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Nortel-Bay deal a sea change

The $9.1 billion merger is the most striking representation of the state of the networking industry.

The $9.1 billion merger between telecommunications firm Northern Telecom and data communications provider Bay Networks is the most striking representation of the changes taking place in the networking industry.

This natural evolution--or revolution, depending on whom one talks to--hinges on the term "convergence," which in the networking sector essentially refers to new methods for combining two formerly disparate types of traffic over a single pipe. Most pundits predict that by the year 2000, data traffic will outstrip voice congestion across the public telecom infrastructure.

The long-rumored deal between Canadian-based Nortel and Bay offers wide-ranging opportunities for the duo to provide an integrated set of products supporting voice and data for service providers and corporations. It also applies pressure to a variety of data-focused rivals, as a combined Bay-Nortel will be able to hold increased sway in the market.

Voice and data previously have been carried across separate networks, but the growth of the Net has made it self-evident that a single pipe for the two is necessary to remain competitive--a reality that has not been lost on other competitors such as Cisco Systems and Lucent Technologies.

"What we saw was the opportunity to catapult ourselves--to leap to the center of this new space," said David House, chairman, president, and CEO of Bay, who will become president of the combined entity.

Lucent has spent the past several months buying data-centric companies and rolling out internally developed data-based products, looking to capture a larger piece of the lucrative data communications pie. The telecommunications firm is betting heavily on its expertise in building huge voice-based networking to drive its data efforts.

Cisco, the king of the data market, also has made a lot of noise via acquisitions and partnerships in the area of convergence, hoping the dominance of data traffic on networks will make it a natural choice.

"The lines in the sand are being drawn," said Craig Johnson, principal for the Pita Group, a market watcher.

Cisco was nonplused by Nortel's move, even though CEO John Chambers said recently that he would like to have a closer relationship with the firm.

"As data, voice, and video begins to come together, it's clear to the market that the Internet will drive this convergence. Certainly, industry consolidation will occur, particularly as old world companies look for ways to compete in this Internet-driven economy," the company said in a prepared statement. "Cisco anticipated this new competition and believes that our leadership in data networking positions us well in this new world."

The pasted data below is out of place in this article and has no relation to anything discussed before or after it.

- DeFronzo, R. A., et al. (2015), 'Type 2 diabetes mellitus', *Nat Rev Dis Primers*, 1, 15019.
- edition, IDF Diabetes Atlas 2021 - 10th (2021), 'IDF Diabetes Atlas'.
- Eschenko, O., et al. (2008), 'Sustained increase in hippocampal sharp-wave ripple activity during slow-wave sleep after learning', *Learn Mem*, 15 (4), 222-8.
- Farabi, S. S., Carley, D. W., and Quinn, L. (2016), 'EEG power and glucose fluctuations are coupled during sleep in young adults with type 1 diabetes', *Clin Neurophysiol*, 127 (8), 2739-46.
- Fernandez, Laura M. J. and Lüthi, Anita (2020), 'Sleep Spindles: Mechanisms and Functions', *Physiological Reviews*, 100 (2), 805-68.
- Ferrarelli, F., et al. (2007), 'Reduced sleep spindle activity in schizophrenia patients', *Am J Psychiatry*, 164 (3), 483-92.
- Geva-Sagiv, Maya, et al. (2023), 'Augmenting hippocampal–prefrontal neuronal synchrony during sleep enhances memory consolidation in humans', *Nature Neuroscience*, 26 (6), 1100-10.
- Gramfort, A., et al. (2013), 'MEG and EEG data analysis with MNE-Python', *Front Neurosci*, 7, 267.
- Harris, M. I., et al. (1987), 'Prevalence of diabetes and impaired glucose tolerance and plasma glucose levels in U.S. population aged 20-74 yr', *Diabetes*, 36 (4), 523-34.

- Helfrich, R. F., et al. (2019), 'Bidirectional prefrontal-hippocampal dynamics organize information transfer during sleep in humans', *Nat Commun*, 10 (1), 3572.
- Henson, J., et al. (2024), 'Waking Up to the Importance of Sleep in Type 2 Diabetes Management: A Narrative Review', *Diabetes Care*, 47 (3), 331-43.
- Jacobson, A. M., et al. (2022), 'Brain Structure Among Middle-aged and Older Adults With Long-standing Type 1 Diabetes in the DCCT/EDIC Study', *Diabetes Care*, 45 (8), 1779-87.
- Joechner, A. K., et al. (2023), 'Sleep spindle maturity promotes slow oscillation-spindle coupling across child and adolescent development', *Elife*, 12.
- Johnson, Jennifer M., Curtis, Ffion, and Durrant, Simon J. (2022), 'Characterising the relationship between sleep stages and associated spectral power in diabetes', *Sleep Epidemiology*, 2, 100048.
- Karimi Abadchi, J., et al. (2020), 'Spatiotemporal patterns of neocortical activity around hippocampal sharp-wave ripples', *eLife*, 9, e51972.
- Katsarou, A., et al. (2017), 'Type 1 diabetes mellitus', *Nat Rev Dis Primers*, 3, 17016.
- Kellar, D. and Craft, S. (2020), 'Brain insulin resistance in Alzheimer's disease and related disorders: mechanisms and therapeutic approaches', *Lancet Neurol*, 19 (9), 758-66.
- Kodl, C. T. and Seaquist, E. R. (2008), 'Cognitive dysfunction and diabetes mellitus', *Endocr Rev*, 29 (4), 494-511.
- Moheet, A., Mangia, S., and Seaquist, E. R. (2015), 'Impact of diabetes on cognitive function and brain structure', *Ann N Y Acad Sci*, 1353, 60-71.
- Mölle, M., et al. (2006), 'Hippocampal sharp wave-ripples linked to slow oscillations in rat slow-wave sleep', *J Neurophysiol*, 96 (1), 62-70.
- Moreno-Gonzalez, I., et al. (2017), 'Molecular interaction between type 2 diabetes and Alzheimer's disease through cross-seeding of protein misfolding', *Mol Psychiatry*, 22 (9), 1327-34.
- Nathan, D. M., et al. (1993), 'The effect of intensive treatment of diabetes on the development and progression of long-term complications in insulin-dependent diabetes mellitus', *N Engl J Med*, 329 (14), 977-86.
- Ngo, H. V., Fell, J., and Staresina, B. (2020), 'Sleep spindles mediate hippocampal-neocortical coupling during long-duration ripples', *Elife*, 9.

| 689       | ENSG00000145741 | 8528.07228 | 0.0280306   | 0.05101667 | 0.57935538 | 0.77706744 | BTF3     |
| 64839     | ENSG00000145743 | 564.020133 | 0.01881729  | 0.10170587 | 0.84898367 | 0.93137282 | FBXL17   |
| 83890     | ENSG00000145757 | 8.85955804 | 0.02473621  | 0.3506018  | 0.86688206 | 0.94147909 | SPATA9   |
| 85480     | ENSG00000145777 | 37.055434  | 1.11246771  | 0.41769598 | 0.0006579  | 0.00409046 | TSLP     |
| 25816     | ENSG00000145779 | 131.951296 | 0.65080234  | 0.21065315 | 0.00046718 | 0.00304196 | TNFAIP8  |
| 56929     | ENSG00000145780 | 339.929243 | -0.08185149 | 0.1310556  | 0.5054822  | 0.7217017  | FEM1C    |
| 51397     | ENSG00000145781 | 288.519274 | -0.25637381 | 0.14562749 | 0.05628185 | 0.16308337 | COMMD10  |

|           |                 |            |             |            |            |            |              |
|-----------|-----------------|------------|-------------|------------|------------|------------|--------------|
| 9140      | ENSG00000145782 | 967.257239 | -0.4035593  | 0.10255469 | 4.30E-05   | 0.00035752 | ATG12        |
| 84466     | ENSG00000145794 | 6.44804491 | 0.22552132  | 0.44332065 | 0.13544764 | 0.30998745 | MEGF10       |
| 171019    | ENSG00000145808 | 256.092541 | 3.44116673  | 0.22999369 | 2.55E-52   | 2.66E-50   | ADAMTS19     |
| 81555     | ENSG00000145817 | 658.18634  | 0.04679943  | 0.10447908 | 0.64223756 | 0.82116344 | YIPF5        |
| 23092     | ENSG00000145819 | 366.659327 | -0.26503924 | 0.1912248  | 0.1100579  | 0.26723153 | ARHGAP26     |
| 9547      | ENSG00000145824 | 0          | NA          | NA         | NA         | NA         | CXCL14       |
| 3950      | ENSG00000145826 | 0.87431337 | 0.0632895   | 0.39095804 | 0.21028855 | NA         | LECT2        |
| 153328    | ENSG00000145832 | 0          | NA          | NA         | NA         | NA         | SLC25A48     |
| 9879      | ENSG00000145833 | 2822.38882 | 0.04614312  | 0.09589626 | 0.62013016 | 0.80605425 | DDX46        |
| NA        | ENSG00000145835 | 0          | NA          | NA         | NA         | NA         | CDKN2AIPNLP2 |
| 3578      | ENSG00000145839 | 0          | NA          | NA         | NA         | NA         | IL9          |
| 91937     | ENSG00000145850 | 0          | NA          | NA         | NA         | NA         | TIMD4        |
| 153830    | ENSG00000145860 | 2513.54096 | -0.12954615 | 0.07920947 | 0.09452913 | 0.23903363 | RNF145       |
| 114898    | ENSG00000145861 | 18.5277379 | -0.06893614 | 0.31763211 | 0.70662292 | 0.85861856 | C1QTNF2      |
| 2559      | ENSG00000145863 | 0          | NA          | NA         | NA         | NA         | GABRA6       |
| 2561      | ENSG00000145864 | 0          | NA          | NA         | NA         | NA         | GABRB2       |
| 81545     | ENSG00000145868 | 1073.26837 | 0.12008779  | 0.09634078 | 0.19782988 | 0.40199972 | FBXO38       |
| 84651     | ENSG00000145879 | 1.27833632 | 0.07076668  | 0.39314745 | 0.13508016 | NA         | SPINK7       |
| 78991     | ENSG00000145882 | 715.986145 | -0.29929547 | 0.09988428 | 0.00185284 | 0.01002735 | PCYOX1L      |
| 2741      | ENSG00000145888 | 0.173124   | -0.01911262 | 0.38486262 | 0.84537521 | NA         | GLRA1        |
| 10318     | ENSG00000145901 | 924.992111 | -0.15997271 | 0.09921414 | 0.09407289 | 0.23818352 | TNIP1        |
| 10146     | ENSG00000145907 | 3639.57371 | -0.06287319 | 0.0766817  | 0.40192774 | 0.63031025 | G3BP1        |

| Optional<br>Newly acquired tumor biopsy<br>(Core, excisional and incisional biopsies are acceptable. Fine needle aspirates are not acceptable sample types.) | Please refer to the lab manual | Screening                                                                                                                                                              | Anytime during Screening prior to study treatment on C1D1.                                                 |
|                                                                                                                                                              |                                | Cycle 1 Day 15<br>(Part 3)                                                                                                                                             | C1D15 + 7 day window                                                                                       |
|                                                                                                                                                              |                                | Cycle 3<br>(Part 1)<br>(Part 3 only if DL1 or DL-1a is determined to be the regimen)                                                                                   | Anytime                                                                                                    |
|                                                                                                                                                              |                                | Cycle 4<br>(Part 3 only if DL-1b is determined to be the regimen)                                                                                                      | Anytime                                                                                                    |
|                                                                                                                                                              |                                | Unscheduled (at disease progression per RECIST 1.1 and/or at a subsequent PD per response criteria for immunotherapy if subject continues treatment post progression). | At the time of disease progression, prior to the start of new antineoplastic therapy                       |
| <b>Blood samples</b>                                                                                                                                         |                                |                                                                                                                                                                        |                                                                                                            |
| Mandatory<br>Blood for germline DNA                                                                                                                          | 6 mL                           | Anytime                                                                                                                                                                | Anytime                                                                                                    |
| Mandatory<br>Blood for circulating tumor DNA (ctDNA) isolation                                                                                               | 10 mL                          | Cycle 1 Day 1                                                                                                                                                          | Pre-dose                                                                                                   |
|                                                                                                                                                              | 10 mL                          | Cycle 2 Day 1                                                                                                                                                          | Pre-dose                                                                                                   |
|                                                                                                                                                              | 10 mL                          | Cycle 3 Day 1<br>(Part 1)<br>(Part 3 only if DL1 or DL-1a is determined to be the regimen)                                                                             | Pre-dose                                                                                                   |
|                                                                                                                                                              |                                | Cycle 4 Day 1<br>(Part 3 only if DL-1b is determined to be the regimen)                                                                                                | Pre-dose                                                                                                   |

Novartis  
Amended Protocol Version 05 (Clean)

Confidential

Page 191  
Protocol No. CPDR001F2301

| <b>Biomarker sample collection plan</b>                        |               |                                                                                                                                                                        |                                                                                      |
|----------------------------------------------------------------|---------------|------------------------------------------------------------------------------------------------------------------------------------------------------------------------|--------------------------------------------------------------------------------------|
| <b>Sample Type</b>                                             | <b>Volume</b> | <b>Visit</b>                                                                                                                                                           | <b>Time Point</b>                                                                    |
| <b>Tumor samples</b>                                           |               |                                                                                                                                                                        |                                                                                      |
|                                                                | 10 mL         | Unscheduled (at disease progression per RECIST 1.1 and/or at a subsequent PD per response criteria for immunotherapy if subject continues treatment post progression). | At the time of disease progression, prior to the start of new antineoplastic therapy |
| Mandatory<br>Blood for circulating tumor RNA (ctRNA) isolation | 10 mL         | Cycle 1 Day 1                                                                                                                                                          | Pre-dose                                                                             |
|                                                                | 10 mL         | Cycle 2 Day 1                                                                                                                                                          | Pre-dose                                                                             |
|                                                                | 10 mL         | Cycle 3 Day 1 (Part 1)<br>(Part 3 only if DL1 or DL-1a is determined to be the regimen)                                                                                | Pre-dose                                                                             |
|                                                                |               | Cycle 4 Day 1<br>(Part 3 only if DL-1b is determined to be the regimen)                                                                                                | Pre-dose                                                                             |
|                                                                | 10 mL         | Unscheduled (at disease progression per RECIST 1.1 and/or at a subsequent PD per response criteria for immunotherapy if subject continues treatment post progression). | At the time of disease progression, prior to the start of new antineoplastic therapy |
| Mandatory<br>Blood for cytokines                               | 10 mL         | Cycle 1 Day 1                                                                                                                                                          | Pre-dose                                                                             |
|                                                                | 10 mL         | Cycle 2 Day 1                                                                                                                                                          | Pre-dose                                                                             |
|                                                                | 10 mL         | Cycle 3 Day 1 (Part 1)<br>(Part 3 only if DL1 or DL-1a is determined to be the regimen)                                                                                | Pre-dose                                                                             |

But what do smaller data competitors such as Ascend Communications, 3Com, and Cabletron Systems do in the face of ever-larger competitors, such as the new Nortel?

3Com has chosen to partner with European giant Siemens AG and wide area specialist Newbridge Networks in order to fulfill demand for combined voice and data-based networks.

"Our strategy is very different," said a 3Com spokesman. "Our strategy is to strike partnerships with telecommunications providers rather than be acquired. We can best execute our strategy by remaining independent."

Cabletron is trying to right itself after suffering through its first-ever fiscal crisis. In a prepared statement, the company's CEO, Craig Benson, said: "Cabletron has been aggressively pursuing a number of opportunities in the integrated voice, data, and video marketplace, including a two-year relationship with Nortel. We look forward to future joint technology developments that will allow us to provide customers with leading-edge, integrated solutions that leverage the unique heritage of both companies."

Ascend recently digested its merger with Cascade Communications and is only now reaping the benefits, with its stock on the rebound. Both Cabletron and Ascend could be acquisition targets for other providers, such as Alcatel Alsthom.

Size, it seems, will matter, making the livelihood for some of these data-centric players tenuous at best. "The data networking space is a hard space," noted Michael Duran, analyst with Lazard Freres. "The fortune for data networking players essentially is ebb and flow."

Added Fred McClimans, CEO and director of analytical operations for industry watcher Current Analysis: "While this has been rumored for several months to have been in process, its consummation will force others in the industry, like Cisco and Ascend, to rethink their own competitive positions in the market."

The competitive maneuvering, it seems, may just be getting warmed up.